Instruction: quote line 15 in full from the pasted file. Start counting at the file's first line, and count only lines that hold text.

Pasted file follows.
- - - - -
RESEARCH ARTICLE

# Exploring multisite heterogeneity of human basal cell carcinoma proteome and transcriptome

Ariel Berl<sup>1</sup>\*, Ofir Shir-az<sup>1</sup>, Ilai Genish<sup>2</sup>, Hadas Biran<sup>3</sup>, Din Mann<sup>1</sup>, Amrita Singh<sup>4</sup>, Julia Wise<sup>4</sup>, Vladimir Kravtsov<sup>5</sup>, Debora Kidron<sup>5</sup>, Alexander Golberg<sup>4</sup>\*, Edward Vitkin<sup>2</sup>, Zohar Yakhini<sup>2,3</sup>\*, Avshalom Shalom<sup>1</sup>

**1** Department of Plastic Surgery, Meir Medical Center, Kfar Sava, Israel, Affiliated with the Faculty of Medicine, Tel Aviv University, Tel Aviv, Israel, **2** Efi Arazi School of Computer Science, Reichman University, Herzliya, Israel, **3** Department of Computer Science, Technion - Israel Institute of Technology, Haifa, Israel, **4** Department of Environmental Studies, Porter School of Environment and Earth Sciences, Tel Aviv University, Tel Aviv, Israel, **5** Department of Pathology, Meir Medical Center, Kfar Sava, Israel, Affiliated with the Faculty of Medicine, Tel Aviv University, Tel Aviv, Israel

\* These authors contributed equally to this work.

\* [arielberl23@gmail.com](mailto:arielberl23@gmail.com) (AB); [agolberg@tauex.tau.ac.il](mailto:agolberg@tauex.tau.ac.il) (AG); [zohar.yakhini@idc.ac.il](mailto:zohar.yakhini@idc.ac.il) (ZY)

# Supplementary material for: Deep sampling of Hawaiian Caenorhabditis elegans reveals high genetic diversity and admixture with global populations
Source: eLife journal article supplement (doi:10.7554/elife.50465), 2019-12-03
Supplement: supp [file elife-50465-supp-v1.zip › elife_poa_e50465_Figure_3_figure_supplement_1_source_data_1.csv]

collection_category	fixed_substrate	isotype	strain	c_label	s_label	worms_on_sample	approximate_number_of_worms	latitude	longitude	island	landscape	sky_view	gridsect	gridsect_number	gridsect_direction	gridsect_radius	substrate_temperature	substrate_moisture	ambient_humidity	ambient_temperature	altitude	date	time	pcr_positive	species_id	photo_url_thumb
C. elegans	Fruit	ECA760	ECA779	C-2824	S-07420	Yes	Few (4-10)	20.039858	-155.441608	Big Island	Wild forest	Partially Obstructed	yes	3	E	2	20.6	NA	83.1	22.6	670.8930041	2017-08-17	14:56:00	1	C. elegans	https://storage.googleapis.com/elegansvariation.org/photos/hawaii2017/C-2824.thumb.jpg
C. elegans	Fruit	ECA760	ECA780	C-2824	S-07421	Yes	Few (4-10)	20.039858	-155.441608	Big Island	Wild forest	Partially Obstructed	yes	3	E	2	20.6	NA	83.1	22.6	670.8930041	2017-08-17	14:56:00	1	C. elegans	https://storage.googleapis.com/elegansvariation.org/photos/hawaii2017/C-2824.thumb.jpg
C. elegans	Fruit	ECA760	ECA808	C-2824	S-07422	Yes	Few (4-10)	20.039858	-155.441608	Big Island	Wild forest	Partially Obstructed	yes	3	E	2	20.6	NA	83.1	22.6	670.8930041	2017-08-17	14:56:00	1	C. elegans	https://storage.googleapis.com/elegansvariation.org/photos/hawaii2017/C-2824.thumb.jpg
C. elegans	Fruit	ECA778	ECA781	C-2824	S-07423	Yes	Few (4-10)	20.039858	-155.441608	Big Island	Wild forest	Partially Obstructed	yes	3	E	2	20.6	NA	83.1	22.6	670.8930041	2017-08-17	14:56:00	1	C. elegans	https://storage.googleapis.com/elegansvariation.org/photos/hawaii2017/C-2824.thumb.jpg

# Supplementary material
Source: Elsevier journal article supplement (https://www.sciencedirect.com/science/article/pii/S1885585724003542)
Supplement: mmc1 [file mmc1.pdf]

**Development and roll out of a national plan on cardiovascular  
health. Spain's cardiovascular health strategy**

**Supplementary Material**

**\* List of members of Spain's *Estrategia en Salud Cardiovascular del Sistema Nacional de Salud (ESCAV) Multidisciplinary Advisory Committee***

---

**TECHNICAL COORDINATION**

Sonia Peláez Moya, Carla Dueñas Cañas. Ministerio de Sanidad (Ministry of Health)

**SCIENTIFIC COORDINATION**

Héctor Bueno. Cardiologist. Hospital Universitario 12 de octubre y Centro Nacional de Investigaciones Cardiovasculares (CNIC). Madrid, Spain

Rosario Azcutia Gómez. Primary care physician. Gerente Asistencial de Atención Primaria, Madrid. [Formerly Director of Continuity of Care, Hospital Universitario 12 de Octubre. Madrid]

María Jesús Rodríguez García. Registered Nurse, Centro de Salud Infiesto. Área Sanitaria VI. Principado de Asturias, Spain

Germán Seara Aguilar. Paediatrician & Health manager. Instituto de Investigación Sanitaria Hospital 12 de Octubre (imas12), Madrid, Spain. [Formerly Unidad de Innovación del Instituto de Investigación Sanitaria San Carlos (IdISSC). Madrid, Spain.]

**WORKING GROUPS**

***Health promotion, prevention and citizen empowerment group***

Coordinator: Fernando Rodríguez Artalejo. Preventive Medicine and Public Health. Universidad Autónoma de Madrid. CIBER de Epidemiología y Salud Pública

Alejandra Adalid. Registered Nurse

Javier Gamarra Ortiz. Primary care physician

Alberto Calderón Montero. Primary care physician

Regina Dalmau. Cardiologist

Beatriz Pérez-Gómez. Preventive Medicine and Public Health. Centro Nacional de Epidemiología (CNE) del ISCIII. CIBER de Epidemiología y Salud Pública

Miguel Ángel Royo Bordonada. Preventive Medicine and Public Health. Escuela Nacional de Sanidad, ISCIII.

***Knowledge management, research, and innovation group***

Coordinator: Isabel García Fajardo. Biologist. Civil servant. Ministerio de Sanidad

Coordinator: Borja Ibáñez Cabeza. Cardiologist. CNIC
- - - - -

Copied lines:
# Supplementary material